These considerations will come useful in the closing section of this paper, where I will argue that both the reversibility between seeing and seen and the split between eye and gaze can be approached as relevant categories to understand machine vision and the functioning of GANs. Nevertheless, before looking specifically at how GANs so re-invent the notion of POV, let’s have a better look at the relationship between a phenomenological notion of POV and the concept of Umwelt described by bio-semiologist J. von Uexküll.

III. POV and Umwelten

In fact, POV is not something that comes with the human or with the technological. POV as the phenomenological production of an orientation has, instead – as mentioned at the beginning – cosmological origin. In this sense, POV refers to the very fact that since the formation of the first nuclei of protons and neutrons few millionth of a second after the Big Bang to the first electrons starting to spin around these nuclei, thus forming the first atoms 380,000 years later[16], the fundamental blocks of matter organize themselves producing orientations – technically referred to as spins[17]. Matter is always oriented, despite the organic / inorganic divide – and indeed can be generalized as POV-matter. Thinking of matter as POV-matter is not trivial, because it allows to think of POV as a cohesive phenomenological factor providing a possible foundation for a new (post)phenomenology to come[18], which discards the humanist and subjectivist dérive of classic phenomenology[19] and provides a pivotal concept to re-articulates the agential relation between the organic and the inorganic within a concept of POV-matter that modulates in relation to affects and Umwelten.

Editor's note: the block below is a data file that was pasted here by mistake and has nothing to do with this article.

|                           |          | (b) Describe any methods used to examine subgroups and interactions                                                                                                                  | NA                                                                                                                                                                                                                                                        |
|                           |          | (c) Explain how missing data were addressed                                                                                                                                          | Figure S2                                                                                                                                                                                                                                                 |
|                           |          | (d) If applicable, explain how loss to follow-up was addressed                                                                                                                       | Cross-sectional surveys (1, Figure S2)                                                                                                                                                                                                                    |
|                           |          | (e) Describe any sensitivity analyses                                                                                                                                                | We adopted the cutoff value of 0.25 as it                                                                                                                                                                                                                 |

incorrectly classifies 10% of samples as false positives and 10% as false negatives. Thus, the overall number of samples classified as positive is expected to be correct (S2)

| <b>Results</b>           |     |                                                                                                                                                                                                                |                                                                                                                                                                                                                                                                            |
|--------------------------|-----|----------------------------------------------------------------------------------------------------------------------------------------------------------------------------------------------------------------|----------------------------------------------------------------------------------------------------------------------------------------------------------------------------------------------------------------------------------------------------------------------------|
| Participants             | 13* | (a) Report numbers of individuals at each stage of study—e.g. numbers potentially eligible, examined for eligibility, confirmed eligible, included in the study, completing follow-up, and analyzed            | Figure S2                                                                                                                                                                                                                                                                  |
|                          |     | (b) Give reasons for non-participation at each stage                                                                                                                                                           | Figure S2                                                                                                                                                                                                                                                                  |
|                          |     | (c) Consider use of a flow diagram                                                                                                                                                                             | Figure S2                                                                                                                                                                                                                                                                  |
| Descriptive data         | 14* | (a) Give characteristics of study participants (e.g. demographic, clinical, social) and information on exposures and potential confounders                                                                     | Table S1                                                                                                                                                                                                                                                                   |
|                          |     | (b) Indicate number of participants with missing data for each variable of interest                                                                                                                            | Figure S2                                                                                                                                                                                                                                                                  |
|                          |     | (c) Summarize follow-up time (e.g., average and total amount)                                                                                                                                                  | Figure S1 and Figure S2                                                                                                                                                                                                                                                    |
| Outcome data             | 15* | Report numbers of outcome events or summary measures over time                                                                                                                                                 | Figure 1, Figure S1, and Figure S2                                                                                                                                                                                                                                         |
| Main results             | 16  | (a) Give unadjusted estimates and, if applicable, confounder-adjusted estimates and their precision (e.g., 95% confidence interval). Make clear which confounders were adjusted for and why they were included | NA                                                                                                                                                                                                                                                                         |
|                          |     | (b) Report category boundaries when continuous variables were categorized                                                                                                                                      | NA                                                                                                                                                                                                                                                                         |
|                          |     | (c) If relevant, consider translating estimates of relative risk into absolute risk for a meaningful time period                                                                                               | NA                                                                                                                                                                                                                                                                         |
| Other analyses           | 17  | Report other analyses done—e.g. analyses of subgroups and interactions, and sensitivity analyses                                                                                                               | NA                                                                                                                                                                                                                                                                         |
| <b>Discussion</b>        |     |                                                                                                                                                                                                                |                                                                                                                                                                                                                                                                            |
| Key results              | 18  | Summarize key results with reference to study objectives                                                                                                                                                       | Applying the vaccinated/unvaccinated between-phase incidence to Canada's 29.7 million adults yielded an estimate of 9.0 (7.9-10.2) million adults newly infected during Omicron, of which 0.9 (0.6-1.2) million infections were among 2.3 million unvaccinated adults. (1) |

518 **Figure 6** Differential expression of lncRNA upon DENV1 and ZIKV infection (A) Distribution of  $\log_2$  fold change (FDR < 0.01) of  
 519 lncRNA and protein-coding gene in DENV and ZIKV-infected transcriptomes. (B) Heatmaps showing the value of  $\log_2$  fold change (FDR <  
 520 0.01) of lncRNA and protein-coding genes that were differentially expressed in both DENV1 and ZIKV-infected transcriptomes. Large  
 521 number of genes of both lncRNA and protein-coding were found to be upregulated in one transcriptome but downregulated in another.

In a certain sense, it is also possible to argue that the notion of Umwelt cannot be thought without the phenomenological notion of POV. Umwelt is always in POV because it refers to a subjective (but not forcibly human) experience, and because of that it stays epistemically non-accessible[20] from the outside, even though observable – up to a certain degree[21].

To briefly sum up, if in relation to the formation of POV-matter in its atomic and molecular inorganic form I refer to a regime of visibility simply intended as a generic regime of light, when POV-matter turns into organic structures the regime of light turns into the visual field of a specific Umwelt. More precisely, POV-matter develops into organic forms that orienteer themselves in the space according to different evolutionary survival criteria, producing the organisms’ unique Umwelten[22], of which the organisms’ regimes of light represent the visual counterpart (or regime of visibility).

Once POV-matter turns into the expressive function of complex living organisms such as human beings, POV-matter turns into a cultural product. Here, POV-matter is defined by the interaction between a regime of light attached to the Umwelt of the organism and a regime of light attached to analog machine first (painting, analog photography and analog cinema) and to digital and algorithmic machines later. Especially in relation to these new regimes of visibility that work in absence of light[23] – such as the ones generated by digital photography and digital cinema, by the Google gaze circuit (Google Maps, Google Car, Google 360, Google Glass) and finally by machine vision – I propose to re-think the concept of POV, Umwelt and affect. Thus, before approaching machine vision and GANs POVs against a phenomenological and cinematic notion of POV, let’s have a look at the relationship between POV-matter and affects.

IV. POV-matter and affects

POV-matter is defined as a form of orienteering co-emerging with affects during the formation of the first proto-stable organic forms of life after the Big Bang and persisting – although changing drastically form – through the various sub-atomical, molecular, organic, human, cultural and machinic instantiations.

It is especially Bergson’s statement “there’s no perception without affection”[24] which provides a hint into the relation between POV and affect as much as a blueprint to approach machine vision, especially in the context of GANs.